In Canada: Wednesdays, 8pm, CBC
When Burden of Truth started, I did mock it a little. It sees big city lawyer Kristin Kreuk return to the small town where she grew up to deal with a claim that an HPV vaccine is making local girls sick. When she gets there, she soon finds:
- She’s not very popular not just because of what she’s trying to do but because her dad did something bad when he was in town
- The vaccine isn’t the real cause – something else is.
Soon, she’s deciding to switch sides and find out the true cause of the problem – so that she can sue the heck out of whoever’s causing it and stop people spitting at her whenever she walks past.
Anyway, I mocked it a bit, because firstly, we had ‘lawyer as epidemiologist’, with our Kristin apparently keen to do all the science herself. Secondly, we had such obvious emotional manipulation going on, together with an obvious romance being set up with small town boy turned lawyer Peter Mooney, that it felt like we were in the middle of a Hallmark Channel movie.
Oddly, though, the show has since decided it really is going to be about epidemiology. I mean really. Episode three actually had a hydrologist turn up. Not just for a couple of minutes to hand over a report, mind, but for the whole episode. He explains ground water flow and sources, he does experiments and tests. He drills holes.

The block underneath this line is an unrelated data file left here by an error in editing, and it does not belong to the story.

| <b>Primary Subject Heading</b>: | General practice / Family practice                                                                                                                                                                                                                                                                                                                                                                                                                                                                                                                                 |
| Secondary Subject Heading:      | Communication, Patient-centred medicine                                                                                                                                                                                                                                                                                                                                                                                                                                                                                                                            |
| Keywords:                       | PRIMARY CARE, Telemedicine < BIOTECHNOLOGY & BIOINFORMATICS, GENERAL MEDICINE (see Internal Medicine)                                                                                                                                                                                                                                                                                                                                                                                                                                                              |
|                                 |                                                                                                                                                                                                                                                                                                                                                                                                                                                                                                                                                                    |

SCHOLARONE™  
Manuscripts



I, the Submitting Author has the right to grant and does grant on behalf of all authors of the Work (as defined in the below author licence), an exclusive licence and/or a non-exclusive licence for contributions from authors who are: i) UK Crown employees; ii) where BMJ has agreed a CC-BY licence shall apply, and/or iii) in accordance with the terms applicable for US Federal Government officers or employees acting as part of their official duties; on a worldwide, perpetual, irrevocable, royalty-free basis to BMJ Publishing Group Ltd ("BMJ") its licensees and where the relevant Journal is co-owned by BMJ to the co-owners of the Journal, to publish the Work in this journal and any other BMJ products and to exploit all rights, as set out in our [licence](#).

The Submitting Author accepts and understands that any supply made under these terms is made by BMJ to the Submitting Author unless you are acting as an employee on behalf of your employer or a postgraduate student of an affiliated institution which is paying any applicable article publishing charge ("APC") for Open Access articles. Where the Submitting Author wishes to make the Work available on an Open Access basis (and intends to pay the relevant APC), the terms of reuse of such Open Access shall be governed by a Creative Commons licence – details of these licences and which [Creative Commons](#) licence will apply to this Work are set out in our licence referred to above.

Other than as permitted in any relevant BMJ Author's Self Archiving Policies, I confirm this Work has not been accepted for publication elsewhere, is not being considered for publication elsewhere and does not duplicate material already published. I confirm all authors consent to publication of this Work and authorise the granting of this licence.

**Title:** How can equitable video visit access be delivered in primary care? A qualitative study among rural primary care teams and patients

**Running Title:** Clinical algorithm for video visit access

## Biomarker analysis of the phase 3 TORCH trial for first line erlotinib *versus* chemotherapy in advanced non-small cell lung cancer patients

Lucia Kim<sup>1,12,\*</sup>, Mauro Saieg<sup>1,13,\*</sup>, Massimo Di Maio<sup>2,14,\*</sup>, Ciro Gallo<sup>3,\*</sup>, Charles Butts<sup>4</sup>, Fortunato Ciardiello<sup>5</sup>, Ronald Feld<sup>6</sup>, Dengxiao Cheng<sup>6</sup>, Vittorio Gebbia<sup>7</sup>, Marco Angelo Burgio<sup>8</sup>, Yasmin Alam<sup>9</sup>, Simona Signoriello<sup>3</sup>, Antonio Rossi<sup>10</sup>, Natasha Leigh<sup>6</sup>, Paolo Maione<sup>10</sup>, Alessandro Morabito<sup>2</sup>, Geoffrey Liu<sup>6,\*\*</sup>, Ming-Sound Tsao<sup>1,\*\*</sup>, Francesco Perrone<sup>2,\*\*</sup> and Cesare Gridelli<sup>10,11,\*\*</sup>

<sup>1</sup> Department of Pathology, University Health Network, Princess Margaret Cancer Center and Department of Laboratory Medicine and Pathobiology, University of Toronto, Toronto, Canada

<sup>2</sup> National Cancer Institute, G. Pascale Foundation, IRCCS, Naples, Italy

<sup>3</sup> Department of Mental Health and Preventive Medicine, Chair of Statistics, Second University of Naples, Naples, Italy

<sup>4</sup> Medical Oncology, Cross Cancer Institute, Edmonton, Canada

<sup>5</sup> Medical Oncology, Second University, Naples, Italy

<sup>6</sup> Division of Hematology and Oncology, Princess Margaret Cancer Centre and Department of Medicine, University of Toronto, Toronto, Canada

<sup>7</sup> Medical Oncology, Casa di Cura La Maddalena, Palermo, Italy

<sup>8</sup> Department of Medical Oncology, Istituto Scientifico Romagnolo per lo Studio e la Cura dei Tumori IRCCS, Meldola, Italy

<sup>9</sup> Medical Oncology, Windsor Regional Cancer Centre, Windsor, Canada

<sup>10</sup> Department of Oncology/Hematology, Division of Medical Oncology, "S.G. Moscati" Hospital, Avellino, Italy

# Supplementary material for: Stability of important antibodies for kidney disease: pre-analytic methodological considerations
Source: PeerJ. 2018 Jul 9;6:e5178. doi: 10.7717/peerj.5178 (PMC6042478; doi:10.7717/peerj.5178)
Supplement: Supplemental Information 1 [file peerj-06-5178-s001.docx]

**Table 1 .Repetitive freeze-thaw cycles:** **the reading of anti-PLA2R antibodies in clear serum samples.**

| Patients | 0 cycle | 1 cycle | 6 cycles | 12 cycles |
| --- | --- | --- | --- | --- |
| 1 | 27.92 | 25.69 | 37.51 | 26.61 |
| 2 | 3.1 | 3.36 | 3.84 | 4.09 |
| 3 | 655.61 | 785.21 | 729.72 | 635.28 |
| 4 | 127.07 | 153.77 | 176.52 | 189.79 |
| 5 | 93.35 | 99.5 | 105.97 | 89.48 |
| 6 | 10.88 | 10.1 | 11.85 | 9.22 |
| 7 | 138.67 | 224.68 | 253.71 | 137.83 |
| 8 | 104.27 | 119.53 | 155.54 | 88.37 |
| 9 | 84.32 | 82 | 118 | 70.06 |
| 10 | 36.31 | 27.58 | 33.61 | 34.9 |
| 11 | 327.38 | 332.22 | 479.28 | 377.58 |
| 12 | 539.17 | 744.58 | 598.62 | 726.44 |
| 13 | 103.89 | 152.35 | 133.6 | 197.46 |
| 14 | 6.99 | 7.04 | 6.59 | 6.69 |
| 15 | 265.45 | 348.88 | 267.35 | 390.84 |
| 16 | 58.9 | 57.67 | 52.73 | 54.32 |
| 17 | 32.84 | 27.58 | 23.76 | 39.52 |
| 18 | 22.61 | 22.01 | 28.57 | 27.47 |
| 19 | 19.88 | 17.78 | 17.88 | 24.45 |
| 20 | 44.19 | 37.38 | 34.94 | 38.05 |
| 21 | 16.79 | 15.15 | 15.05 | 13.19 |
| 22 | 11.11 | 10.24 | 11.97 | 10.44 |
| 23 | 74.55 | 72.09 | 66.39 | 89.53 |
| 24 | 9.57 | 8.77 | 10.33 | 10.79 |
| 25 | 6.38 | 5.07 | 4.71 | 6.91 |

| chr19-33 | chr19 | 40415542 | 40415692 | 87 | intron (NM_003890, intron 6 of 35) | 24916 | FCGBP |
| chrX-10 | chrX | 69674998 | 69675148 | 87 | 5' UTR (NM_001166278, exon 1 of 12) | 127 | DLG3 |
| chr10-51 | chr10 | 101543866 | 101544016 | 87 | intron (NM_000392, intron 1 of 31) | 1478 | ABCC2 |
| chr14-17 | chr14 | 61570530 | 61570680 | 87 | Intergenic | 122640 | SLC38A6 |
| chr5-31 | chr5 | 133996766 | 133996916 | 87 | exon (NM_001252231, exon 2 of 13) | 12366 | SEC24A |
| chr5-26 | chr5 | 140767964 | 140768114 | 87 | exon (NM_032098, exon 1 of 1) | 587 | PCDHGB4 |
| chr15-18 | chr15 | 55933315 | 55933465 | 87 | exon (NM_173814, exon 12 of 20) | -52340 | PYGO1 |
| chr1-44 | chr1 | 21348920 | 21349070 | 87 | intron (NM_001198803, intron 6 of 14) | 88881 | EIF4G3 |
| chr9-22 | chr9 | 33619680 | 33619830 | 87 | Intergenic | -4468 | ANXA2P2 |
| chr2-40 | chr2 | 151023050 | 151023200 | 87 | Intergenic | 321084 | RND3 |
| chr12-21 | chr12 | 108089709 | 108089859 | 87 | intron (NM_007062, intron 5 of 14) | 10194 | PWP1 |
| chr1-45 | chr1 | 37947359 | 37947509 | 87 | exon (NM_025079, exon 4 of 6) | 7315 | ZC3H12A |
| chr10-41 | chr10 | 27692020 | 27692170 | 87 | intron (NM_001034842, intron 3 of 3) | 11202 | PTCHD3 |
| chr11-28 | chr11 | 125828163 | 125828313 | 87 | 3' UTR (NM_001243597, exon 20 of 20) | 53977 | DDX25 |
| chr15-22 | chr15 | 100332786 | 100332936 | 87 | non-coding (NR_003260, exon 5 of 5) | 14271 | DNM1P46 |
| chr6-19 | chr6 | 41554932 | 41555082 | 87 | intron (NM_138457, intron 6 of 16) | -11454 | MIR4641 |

Meanwhile, Kreuk seems to know – from previous cases, rather than Wikipedia – some actual law and some actual science: biology, chemistry, physics. She knows about benzene and its side effects. She’s coordinating everything, she’s looking at real-world implications for legal precedents, she’s acting like an actual professional with experience and skills.
Indeed, even by the end of episode three, the quest to find the true source of the problem afflicting everyone is still ongoing. This might take all season. This is… practical science and practical law. Gasp.
It’s like I started watching one of the Good Witch movies, only to discover that it was a guidebook to modern pagan rituals, complete with a discussion of the correct way to honour the triple goddess. It’s genuinely bewildering.
I’d probably keep watching on the strength of the science, in fact, were it not for the writing of these small town characters. They’re dumb. To be fair, so are the obvious moustache-twirling big city characters. It’s only Kreuk, Mooney and their contractors showing signs of mental capacity. Everyone else is either sketchy or on the verge of shouting out another emotive speech that explains Very Big Things. Or both.
And dumb is what they are.
So Burden of Truth‘s title wasn’t just an obvious play on words about its plot – it was actually a description of the show’s own problems with its characters, who have so much truth that they have to share it, obviously and frequently.
Barrometer rating: 2